• Milliken – For general operations, including public safety, municipal services, transportation, improvements and parks and recreational facilities.
  • Nederland – For law enforcement services and personnel and other personnel.
  • Sugar City – For general expenses.
  • Superior – For recovery efforts related to the Marshall Fire.
  • Wiggins – For streets-related capital improvements.
  • Windsor – For creating and preserving open space and working farms and community separators.
  • Yuma – For emergency services and streets.

Tax extensions:

  • Aspen – Requesting an extension of its parks and open space tax.
  • Pueblo – Requesting an extension of its public safety sales tax.
  • Erie – Requesting an extension of an existing property tax mill levy to be used for trails, parks and open space.

Lodging taxes:

  • Dillon – To address visitor impacts related to recreation, public safety, street and parking improvements and town center redevelopment.
  • Hudson – For general governmental purposes.
  • Julesburg – For services and infrastructure.
  • Littleton – To promote arts and culture and tourism.
  • Lyons – To address visitor impacts and to fund community projects and capital improvements.
  • Nederland – For health and human services programs and law enforcement services.
  • Palisade – To promote sustainable tourism and emergency services.

Property tax mill levy increases:

  • Denver – For library services.
  • Fountain – For public safety.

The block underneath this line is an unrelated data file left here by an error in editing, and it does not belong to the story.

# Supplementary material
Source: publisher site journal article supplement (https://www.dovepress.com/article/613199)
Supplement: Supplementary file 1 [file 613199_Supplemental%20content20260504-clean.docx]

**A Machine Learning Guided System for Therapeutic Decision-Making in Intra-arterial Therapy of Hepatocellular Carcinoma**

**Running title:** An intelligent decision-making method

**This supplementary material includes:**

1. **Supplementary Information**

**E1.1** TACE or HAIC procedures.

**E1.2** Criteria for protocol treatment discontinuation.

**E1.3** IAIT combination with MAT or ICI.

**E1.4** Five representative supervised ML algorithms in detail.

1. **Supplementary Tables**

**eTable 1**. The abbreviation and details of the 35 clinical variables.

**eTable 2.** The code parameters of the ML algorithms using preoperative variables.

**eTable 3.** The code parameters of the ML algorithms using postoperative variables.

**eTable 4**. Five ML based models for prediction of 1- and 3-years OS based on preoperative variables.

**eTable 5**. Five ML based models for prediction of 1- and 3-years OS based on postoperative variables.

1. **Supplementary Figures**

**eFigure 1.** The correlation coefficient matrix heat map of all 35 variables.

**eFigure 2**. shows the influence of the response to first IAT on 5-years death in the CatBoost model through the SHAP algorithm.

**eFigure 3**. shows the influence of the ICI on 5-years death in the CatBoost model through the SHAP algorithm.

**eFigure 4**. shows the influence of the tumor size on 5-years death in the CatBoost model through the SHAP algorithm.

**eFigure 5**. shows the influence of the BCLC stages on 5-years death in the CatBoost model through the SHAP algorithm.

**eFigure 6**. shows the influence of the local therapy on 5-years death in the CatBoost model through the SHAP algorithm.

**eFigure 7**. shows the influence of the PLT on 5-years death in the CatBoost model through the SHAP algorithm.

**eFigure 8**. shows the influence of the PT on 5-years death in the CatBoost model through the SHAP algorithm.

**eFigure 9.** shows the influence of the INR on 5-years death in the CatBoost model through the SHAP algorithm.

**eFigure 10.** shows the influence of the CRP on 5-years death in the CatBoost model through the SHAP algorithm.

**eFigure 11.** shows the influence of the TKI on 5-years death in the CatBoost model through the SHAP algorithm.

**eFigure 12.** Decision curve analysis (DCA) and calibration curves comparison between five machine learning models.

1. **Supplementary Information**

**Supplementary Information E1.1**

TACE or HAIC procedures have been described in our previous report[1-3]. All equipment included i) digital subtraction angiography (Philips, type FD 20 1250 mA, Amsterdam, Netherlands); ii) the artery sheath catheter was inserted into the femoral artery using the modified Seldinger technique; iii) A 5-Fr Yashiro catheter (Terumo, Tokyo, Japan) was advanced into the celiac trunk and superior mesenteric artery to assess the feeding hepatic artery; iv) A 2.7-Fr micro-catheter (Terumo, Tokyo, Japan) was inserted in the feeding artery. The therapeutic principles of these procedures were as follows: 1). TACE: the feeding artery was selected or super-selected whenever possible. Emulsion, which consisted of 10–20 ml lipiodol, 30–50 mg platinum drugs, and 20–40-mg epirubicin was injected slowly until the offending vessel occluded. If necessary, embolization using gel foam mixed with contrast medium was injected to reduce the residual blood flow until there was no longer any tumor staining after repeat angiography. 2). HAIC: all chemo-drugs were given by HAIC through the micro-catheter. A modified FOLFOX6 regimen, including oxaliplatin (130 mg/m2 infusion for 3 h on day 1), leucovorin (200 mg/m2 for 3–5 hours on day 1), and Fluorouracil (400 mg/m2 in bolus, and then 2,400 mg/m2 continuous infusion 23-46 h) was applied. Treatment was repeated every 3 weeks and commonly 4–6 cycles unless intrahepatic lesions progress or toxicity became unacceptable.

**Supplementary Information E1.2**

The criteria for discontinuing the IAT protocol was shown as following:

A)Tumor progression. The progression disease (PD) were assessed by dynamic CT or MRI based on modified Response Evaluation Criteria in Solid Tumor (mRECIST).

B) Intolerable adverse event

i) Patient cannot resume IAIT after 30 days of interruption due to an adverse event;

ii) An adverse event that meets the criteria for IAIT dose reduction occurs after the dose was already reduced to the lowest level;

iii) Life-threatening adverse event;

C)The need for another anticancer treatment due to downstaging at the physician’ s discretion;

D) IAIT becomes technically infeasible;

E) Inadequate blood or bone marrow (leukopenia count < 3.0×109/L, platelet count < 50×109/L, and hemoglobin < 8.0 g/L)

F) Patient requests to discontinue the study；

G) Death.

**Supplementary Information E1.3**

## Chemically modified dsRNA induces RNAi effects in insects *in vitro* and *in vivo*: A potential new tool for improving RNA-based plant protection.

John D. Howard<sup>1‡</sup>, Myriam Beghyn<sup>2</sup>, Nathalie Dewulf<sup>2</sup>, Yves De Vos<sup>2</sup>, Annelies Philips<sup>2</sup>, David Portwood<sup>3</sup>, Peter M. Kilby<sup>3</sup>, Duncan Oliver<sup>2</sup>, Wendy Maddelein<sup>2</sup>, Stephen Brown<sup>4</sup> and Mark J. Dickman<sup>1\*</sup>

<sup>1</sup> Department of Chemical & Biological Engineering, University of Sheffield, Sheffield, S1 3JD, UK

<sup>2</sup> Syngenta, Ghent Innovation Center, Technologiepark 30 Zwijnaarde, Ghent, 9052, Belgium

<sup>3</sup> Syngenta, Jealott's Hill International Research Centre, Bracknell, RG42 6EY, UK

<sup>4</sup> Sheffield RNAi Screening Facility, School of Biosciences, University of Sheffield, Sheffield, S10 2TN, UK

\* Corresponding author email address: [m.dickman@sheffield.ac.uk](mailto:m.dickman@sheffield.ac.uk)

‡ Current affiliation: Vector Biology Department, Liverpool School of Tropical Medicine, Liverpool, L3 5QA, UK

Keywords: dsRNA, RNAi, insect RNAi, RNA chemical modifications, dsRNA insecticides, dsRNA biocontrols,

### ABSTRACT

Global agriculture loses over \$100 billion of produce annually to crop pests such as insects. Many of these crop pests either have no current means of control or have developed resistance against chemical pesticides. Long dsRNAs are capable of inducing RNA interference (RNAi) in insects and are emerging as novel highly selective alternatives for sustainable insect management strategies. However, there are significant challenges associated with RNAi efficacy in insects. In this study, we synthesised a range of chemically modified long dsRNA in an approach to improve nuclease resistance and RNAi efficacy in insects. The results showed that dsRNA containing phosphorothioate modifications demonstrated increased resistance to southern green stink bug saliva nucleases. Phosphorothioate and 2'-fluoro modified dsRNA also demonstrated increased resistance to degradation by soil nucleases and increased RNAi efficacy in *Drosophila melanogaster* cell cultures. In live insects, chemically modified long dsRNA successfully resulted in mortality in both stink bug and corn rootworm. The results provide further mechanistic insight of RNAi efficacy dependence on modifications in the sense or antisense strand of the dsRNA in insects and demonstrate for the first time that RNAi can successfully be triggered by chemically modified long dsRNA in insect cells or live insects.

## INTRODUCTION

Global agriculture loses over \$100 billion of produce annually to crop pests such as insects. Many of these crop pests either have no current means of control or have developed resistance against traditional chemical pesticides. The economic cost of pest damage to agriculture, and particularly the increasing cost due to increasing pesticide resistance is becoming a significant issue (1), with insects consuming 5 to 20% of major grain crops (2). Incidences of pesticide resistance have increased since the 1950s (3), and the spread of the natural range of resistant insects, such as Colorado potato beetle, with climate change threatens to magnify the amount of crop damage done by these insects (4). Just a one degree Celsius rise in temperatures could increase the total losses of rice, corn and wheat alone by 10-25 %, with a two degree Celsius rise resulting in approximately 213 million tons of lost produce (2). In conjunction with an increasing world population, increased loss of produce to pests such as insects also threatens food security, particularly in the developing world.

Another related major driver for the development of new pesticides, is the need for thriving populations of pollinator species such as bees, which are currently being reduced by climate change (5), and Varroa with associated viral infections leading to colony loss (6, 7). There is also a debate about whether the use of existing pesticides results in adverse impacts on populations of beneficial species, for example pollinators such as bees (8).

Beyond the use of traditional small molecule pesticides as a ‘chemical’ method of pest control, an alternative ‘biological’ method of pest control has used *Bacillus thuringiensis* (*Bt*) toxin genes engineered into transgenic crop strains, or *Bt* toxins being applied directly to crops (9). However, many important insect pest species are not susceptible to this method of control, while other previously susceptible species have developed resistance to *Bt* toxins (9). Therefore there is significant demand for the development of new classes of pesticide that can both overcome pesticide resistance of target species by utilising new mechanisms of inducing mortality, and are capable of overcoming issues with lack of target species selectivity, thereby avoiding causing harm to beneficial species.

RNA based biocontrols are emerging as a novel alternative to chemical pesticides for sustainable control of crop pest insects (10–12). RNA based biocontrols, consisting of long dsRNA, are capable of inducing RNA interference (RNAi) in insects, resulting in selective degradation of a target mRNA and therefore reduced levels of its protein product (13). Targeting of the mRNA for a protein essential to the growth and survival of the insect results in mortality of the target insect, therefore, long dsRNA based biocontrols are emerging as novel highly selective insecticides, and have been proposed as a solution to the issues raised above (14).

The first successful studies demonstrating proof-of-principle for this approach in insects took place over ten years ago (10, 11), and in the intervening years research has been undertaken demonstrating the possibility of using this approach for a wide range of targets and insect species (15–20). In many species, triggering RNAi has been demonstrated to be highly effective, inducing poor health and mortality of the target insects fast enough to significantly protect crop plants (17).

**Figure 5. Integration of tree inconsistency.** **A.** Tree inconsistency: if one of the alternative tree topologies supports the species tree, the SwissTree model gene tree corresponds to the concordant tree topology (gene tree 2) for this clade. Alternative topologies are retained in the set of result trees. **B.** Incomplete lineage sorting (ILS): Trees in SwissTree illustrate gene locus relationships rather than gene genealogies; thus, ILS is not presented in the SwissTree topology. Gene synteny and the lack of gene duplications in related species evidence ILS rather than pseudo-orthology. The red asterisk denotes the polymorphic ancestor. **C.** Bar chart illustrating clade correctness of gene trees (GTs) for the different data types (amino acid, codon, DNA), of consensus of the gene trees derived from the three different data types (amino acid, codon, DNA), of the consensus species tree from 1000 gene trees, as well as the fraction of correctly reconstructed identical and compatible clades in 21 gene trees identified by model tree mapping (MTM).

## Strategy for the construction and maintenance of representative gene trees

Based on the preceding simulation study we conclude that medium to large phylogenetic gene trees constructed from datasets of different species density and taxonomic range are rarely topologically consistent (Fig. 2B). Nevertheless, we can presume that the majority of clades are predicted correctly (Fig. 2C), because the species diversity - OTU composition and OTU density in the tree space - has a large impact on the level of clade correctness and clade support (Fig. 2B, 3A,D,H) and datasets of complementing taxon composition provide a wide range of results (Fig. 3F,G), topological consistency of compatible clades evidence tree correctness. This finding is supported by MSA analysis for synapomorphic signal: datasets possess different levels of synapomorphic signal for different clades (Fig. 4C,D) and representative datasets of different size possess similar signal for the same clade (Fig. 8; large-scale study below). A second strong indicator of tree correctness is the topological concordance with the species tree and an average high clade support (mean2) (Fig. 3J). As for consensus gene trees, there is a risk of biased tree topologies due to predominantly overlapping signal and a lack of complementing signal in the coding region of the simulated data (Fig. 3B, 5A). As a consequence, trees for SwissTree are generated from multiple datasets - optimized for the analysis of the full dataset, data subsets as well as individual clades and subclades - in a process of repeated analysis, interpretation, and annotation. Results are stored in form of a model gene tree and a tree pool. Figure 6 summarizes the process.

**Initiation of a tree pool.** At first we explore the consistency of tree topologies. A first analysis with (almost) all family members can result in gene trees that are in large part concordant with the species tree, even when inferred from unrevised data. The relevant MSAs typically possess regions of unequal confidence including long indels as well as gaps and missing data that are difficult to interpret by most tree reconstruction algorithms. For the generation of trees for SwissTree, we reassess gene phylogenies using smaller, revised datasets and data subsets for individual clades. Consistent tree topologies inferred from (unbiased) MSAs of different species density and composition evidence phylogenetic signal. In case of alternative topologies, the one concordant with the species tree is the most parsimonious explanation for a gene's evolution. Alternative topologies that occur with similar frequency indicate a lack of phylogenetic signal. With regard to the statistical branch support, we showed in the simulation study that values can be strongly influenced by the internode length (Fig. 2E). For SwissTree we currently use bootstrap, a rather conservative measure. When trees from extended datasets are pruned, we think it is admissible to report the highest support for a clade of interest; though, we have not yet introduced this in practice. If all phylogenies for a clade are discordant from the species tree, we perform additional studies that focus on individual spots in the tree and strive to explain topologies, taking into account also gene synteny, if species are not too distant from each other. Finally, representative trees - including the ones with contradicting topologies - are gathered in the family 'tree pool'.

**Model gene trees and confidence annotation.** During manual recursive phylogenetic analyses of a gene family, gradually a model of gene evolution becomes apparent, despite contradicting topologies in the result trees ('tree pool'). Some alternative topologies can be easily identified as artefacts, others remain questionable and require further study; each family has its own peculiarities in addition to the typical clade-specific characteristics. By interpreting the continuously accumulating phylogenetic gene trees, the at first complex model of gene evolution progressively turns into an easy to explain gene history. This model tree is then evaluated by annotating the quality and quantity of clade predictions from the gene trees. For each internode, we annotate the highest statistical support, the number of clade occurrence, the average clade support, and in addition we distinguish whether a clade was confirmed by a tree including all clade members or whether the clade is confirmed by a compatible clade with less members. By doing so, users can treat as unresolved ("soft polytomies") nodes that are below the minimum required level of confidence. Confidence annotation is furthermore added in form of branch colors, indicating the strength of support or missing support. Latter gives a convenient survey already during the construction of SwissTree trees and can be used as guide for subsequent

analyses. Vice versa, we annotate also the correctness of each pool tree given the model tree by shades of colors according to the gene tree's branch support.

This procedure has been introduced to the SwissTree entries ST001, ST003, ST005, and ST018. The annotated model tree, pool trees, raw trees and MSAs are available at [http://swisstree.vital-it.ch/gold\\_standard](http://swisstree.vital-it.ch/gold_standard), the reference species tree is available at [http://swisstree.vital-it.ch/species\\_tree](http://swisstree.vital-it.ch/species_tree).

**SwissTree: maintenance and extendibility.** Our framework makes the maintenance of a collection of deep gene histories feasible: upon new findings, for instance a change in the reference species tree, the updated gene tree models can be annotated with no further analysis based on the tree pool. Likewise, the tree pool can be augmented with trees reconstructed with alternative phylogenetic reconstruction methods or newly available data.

• Palmer Lake – For general municipal purposes, with the number of mills determined by whether the separate marijuana question passes.
  • Williamsburg – To improve roads and flood drainage.

Other tax issues:

  • Boulder – A question to replace the existing utility occupation tax and climate action plan excise tax with a new climate tax, and a separate question authorizing debt to be repaid from the climate tax up to $52.9 million to meet the city’s climate goals.
  • Central City – An occupation tax on table games and gaming devices.
  • Severance – A use tax on motor vehicles to fund transportation infrastructure.
  • Cherry Hills Village – Voters will decide whether to amend the city tax code to persons engaged in business in the city, including remote sellers and others making deliveries to residents, to collect sales tax.

Authority to increase debt:

  • Fort Lupton – Up to $10 million and approval to extend the city’s community recreation center tax, to fund phase two of the recreation center.
  • Longmont – Up to $20 million for storm drainage system improvements.
  • Sterling – Up to $29 million for wastewater system improvements.

Revenue retention

Two municipalities have ballot measures requesting authority to keep and spend all revenue collected from previously approved taxes:

  • Denver – Two questions: to retain revenues from and continue to impose the 2020 climate action sales tax, and the 2020 homelessness resolution sales tax.
  • Eagle – Two questions: to retain revenues from the 2020 tobacco tax and the 2020 lodging tax, with the lodging tax revenues to be split between open space and marketing uses.

Hartman and Milliken are asking voters for authority to keep and spend all revenue collected from all sources in 2023 and each subsequent year.

Home rule and governance

Colorado has 104 home rule municipalities, and Monument is asking voters to make the town the 105th.

In Erie and Lochbuie, voters will decide whether to form a home rule commission and, if so, decide who should serve on that commission. Delta is asking residents to vote on the creation of a charter commission and who should serve on it.

In Las Animas, voters will decide separate questions on whether to make the city clerk and treasurer appointed positions rather than elected.

In Iliff, residents will consider eliminating term limits for the mayor and trustees.


Larimer County wants the Colorado legislature to repeal a state ban on municipal broadband in the 2017 session